Hardware vendors are making the case for enhanced virtualization by developing special processors that work hand-in-glove with software to boost performance.
Virtualization software allows a single computer to create several virtual, rather than actual, versions of a computing environment. With virtualization, one physical machine can host multiple virtual versions of an operating system and run them simultaneously.
But new enhanced processors from chipmakers Advanced Micro Devices Inc., located in Sunnyvale, Calif., and Santa Clara, Calif.-based Intel Corp. could change virtualization from a software-only technology to one in which software and hardware work together for a more coordinated result.
This type of chip-level support for virtualization leads to performance and reliability gains and may push more enterprises to adopt virtualization in their IT shops, said Chris Wolf, a virtualization consultant and co-author of Virtualization: From the Desktop to the Enterprise (Apress).
"The latency has always scared some shops from running a real high-performance application, such as an Oracle server, inside a Virtual Machine," said Wolf. "But when the VM [virtual machine] addresses the hardware directly, we won't see a performance difference between a VM and a physical server."
Software companies like VMware Inc. and Microsoft have created hypervisors -- the virtual management layer that divides up access to hardware resources. The hypervisor gives each instance of an OS a virtual processor and selectively grants virtual machines access to physical processor resources, like memory and I/O, as needed. Each virtual OS thinks it's running on its own system, but it doesn't have direct access to the hardware.
Now both major chipmakers have baked special virtualization extensions into their processors that simplify the hardware layer and make the process more efficient than with software alone. The new architecture, called Intel VT and AMD-V, encodes the virtualization process at the hardware level and defines the characteristics of each VM, including processor, memory and I/O resources.
More bang for the buck
Hardware-level support for virtualization has been demonstrated to improve performance from virtualization software. Research from USENIX, the Advanced Computing Systems Association, found that running a system in a fully virtualized environment increases service latency by 2 to 2.5 times over levels in a non-virtualized environment.
"Running virtual software forces a system to make certain compromises to run multiple OSes at the same time," according to Tony Iams, vice president and senior analyst for Ideas International Inc. in Rye Brook, N.Y.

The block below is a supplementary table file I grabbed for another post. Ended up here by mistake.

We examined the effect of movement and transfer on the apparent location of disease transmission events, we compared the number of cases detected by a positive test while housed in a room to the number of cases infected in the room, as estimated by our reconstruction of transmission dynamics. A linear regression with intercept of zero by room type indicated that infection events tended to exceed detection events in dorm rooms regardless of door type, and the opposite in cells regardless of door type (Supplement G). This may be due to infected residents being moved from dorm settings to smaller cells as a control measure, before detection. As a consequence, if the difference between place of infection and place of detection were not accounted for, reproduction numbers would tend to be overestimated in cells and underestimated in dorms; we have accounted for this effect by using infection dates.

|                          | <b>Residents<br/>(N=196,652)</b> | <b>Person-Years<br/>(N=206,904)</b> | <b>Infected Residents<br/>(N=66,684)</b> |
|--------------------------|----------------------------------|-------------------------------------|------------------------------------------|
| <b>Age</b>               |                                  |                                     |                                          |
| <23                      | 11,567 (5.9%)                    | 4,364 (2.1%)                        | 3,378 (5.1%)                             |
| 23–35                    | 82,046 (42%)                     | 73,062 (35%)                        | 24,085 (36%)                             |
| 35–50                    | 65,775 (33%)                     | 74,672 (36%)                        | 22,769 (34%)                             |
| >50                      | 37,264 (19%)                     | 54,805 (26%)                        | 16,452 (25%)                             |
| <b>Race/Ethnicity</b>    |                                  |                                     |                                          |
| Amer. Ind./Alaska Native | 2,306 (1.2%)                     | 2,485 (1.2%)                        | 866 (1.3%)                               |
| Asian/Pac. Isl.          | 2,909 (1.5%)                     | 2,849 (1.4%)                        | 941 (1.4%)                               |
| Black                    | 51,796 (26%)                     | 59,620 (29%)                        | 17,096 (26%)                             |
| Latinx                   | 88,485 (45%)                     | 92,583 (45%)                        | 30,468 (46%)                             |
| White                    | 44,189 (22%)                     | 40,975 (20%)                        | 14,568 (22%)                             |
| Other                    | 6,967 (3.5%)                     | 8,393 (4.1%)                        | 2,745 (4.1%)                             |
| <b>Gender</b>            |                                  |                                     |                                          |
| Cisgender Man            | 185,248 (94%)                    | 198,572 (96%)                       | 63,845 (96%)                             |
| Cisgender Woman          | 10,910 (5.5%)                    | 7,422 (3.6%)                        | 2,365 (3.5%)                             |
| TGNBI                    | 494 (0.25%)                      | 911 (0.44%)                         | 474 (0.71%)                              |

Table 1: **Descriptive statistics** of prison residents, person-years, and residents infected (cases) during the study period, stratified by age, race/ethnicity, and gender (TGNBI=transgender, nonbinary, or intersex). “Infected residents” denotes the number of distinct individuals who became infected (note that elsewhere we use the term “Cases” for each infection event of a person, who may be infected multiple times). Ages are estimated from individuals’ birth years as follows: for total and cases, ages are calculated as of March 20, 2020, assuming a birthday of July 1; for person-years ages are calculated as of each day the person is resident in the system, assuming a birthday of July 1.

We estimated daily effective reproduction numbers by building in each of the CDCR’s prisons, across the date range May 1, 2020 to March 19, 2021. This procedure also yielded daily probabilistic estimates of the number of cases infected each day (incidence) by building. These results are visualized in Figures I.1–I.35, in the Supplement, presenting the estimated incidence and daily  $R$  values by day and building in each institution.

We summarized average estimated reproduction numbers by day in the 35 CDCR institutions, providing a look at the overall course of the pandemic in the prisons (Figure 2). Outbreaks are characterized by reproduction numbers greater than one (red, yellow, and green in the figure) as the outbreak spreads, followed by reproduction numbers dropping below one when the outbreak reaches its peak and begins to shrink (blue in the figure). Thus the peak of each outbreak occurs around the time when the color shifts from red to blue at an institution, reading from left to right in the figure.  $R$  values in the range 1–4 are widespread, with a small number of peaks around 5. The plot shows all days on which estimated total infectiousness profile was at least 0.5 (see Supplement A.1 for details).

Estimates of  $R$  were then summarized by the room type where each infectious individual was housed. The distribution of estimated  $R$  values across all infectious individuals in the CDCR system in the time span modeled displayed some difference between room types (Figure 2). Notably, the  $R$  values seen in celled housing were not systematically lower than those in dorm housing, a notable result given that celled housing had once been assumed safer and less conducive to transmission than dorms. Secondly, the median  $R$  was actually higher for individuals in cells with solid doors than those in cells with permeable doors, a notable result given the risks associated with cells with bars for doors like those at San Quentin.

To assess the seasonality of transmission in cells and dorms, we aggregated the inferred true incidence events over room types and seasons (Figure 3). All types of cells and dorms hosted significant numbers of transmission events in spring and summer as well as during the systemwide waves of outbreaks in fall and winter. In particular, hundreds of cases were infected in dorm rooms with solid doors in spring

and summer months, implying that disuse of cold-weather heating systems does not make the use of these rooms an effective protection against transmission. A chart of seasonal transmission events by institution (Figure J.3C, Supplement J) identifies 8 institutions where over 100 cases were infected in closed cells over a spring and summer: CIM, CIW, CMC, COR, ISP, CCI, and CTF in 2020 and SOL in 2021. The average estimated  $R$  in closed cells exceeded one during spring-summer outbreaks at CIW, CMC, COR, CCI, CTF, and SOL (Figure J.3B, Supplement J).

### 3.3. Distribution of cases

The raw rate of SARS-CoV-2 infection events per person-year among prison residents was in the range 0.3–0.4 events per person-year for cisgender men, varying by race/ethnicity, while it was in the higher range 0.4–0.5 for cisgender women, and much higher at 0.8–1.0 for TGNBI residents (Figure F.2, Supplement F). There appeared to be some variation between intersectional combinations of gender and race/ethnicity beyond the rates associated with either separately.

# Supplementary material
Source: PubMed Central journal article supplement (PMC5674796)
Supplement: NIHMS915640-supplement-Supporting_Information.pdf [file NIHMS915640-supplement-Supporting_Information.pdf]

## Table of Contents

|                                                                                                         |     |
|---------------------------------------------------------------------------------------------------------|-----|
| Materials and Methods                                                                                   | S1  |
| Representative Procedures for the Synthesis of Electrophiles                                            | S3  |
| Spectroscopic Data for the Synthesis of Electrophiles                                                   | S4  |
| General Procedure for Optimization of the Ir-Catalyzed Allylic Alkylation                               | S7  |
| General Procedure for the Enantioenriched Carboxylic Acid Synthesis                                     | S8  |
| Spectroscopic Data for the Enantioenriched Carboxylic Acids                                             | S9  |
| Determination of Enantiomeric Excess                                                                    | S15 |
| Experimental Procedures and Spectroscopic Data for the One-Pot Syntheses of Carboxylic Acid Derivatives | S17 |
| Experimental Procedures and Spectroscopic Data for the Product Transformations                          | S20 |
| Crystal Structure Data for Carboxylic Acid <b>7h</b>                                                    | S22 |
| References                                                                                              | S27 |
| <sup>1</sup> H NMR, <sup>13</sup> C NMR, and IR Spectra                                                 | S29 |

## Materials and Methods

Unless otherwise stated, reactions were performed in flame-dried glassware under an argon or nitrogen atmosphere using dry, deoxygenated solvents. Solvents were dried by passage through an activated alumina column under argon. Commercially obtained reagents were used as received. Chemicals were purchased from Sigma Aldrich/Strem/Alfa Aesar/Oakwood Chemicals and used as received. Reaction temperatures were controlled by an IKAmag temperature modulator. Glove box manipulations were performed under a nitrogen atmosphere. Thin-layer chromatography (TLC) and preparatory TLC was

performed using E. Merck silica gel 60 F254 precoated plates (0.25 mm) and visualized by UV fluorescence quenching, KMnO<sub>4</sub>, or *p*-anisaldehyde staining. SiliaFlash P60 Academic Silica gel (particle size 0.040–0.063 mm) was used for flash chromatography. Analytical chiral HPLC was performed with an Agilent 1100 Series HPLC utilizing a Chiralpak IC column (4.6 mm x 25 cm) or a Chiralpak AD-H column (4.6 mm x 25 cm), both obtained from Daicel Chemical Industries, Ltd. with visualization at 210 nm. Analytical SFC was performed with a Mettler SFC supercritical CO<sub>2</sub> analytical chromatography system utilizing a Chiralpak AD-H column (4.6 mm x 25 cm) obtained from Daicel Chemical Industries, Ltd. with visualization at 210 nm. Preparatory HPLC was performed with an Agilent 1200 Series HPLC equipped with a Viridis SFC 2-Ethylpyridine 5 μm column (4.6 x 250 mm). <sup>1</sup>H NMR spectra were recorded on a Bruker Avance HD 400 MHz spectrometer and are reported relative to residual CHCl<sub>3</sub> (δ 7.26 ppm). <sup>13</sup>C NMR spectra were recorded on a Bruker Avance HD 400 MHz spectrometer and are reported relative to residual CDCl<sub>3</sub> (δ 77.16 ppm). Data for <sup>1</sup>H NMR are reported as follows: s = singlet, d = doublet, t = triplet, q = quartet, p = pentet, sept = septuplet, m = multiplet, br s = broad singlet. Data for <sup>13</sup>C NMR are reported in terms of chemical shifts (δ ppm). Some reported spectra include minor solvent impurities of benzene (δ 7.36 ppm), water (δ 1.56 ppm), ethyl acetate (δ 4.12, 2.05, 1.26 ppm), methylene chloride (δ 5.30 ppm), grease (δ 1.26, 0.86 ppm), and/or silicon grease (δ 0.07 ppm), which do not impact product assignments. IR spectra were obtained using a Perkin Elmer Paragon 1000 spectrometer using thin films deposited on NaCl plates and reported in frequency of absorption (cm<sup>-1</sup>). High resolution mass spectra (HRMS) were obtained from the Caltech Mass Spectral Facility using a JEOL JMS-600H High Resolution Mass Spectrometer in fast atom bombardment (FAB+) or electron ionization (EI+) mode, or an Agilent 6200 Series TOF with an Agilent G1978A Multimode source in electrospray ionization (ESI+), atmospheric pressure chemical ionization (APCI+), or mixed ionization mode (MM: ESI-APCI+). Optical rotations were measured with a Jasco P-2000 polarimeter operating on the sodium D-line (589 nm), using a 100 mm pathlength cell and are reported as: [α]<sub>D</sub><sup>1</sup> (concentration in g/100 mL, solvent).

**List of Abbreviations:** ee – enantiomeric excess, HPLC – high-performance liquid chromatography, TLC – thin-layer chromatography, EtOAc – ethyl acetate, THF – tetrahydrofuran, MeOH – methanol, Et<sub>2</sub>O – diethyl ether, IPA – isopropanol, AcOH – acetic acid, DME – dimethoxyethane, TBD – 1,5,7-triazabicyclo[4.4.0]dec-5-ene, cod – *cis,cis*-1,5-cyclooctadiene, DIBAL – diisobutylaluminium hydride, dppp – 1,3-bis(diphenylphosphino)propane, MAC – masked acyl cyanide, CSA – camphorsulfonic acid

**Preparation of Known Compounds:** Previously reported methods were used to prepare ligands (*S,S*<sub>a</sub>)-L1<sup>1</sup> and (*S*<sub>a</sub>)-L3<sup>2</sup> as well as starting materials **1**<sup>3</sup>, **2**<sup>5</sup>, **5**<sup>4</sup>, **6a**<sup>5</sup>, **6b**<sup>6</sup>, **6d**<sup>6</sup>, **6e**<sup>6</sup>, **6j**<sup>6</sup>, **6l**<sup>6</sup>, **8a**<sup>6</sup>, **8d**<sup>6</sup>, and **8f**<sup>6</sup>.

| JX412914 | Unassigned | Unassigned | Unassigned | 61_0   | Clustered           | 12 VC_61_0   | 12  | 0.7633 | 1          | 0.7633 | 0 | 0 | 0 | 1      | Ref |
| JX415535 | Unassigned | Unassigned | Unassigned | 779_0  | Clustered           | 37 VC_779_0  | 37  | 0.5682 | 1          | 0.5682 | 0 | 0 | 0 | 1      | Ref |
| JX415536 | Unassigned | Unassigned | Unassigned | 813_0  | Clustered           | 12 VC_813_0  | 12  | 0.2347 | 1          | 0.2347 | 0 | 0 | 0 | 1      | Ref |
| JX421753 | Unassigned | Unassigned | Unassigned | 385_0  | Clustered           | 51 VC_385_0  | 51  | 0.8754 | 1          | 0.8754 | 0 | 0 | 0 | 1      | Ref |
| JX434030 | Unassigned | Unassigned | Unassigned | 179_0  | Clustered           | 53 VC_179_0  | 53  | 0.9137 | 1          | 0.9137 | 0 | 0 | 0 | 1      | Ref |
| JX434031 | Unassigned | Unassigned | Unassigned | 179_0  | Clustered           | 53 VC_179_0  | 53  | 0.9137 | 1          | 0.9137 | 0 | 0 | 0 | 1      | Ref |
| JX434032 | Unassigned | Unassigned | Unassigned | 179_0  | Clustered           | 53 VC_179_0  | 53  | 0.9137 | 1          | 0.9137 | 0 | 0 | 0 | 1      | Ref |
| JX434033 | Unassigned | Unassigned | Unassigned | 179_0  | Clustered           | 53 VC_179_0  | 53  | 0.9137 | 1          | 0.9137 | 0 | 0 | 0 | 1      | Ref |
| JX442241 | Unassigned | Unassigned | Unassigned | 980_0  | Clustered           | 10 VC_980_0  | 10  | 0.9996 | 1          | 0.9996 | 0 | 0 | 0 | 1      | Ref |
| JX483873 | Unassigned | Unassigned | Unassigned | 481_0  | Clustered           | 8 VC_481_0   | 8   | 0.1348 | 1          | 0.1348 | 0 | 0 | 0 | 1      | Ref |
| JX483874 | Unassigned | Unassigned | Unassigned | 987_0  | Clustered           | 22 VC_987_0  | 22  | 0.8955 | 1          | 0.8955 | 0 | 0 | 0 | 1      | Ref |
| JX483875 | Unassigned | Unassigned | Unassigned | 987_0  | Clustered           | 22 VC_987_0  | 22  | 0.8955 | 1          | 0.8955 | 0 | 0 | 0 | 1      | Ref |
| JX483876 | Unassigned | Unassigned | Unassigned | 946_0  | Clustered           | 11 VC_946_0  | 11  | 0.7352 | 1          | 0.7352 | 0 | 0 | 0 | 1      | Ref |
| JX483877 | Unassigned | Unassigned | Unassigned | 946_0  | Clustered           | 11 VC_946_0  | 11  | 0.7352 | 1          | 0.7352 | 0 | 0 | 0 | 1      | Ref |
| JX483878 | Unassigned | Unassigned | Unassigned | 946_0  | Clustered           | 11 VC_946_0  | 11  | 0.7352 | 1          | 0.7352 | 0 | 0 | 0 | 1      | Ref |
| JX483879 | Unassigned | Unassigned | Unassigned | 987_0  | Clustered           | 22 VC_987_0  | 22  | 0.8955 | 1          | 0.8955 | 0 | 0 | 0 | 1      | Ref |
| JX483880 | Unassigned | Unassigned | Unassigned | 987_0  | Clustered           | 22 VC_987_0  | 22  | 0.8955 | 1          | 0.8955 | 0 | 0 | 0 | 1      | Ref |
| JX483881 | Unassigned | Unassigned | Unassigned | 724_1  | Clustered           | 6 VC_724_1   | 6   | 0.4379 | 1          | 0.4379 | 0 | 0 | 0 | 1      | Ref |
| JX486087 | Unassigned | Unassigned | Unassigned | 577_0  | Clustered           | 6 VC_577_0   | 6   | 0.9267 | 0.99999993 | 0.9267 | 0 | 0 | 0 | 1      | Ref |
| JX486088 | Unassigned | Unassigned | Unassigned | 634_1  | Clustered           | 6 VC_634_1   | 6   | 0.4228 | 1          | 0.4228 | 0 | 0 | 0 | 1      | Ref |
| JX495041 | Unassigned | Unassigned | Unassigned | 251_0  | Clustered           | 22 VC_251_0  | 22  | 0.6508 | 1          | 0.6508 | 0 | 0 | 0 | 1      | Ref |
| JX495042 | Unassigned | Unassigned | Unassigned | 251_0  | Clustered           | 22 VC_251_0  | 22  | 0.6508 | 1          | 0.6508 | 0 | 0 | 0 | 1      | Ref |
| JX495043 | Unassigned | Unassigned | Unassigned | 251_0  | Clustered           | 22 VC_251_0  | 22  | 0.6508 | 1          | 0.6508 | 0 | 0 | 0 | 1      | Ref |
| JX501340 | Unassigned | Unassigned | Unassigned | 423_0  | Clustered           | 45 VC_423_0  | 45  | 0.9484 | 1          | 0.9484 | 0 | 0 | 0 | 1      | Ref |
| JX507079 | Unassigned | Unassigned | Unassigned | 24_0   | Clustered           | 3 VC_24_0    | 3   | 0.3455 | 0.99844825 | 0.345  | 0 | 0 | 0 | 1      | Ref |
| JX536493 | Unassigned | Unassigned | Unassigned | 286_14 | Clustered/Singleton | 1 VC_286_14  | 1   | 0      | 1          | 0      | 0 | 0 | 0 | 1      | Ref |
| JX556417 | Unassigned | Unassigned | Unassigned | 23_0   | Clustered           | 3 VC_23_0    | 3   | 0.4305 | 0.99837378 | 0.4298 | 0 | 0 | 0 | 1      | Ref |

Virtualization-enhanced chips will reduce the overhead of the virtualization process by eliminating the need for the software to do binary translation, said David Marshall, co-author of Advanced Server Virtualization: VMware and Microsoft Platforms in the Virtual Data Center.
"Virtualization-enhanced processors allow applications to run without modification and allow for unmodified guest operating systems support," said Marshall. "They make virtualization solutions better by eliminating some of the need for complex software workarounds or trickery."
As a result, more OSes can run simultaneously on a system and share the hardware, according to Margaret Lewis, commercial software strategist with AMD. "The extensions take away some of the overhead and allow for the software to spoof this environment more simply," said Lewis. "Now we'll see near-native performance levels. The virtualized machine will run as well as it would on bare metal itself."
AMD is also planning to release I/O virtualization support in processors, which will make VMs interact with attached devices, such as printers, more transparently, she said.
Chips ready to go
AMD-V is already available in desktop and mobile versions of AMD processors. AMD said it expects to make an announcement next month on plans to release a virtualization-enhanced version of Operton, the AMD server chip. AMD I/O virtualization-enabled chip sets will likely hit the market in 2007, the company said.
Intel has been shipping server and client processors with Intel VT since November. The company released specifications for its own virtualization technology for directed I/O, Intel VT-d, in February but has not indicated yet when chips with that technology will be available.
Software vendors are just starting to test the waters with products that take advantage of the virtualization-enhanced chips. VMware has released versions of VMware Player and VMware Workstation and beta releases of VMware Server and VMware ESX Server with experimental support for the processors.
Microsoft's Virtual Server 2005 R2 SP1, now in beta, offers support for Intel VT only. The second beta of the product will support AMD-V and is scheduled for release at the end of this year. Open source vendor XenSource Inc. offers a hypervisor product, Xen 3.0.2, that supports both AMD-V and Intel VT.
Industry analysts, like Marshall, say the processing technology needs to mature before software makers begin to take advantage of them. "The benefit will become more evident when the virtualization hypervisors and platforms take full support of the Intel VT or AMD-V technology," said Marshall. "I don't think the true benefit is there yet because the software has to now catch up to the hardware."